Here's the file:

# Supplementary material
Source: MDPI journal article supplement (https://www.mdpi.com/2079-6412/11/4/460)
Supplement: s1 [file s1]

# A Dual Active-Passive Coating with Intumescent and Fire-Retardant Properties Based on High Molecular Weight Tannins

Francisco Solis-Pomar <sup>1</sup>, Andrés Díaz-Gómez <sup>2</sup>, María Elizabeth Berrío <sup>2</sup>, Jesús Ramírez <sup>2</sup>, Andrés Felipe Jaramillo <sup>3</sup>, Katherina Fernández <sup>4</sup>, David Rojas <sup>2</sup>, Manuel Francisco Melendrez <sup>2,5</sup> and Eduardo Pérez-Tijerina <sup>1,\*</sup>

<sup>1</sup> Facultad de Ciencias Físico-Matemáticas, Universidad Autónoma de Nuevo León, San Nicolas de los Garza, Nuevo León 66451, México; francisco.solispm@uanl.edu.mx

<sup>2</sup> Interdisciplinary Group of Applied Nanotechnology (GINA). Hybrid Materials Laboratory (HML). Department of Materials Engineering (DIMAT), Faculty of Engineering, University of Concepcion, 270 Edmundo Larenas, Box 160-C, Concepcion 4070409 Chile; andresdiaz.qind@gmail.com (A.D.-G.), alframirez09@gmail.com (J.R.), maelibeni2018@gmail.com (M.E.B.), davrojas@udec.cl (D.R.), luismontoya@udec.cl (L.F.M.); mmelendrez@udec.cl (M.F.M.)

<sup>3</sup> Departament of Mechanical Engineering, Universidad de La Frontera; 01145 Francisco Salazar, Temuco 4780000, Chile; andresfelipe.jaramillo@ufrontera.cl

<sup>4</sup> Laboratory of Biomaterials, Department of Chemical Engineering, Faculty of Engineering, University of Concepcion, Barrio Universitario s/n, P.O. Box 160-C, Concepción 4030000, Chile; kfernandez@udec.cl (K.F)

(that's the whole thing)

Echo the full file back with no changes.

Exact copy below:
# Supplementary material
Source: MDPI journal article supplement (https://www.mdpi.com/2079-6412/11/4/460)
Supplement: s1 [file s1]

# A Dual Active-Passive Coating with Intumescent and Fire-Retardant Properties Based on High Molecular Weight Tannins

Francisco Solis-Pomar <sup>1</sup>, Andrés Díaz-Gómez <sup>2</sup>, María Elizabeth Berrío <sup>2</sup>, Jesús Ramírez <sup>2</sup>, Andrés Felipe Jaramillo <sup>3</sup>, Katherina Fernández <sup>4</sup>, David Rojas <sup>2</sup>, Manuel Francisco Melendrez <sup>2,5</sup> and Eduardo Pérez-Tijerina <sup>1,\*</sup>

<sup>1</sup> Facultad de Ciencias Físico-Matemáticas, Universidad Autónoma de Nuevo León, San Nicolas de los Garza, Nuevo León 66451, México; francisco.solispm@uanl.edu.mx

<sup>2</sup> Interdisciplinary Group of Applied Nanotechnology (GINA). Hybrid Materials Laboratory (HML). Department of Materials Engineering (DIMAT), Faculty of Engineering, University of Concepcion, 270 Edmundo Larenas, Box 160-C, Concepcion 4070409 Chile; andresdiaz.qind@gmail.com (A.D.-G.), alframirez09@gmail.com (J.R.), maelibeni2018@gmail.com (M.E.B.), davrojas@udec.cl (D.R.), luismontoya@udec.cl (L.F.M.); mmelendrez@udec.cl (M.F.M.)

<sup>3</sup> Departament of Mechanical Engineering, Universidad de La Frontera; 01145 Francisco Salazar, Temuco 4780000, Chile; andresfelipe.jaramillo@ufrontera.cl

<sup>4</sup> Laboratory of Biomaterials, Department of Chemical Engineering, Faculty of Engineering, University of Concepcion, Barrio Universitario s/n, P.O. Box 160-C, Concepción 4030000, Chile; kfernandez@udec.cl (K.F)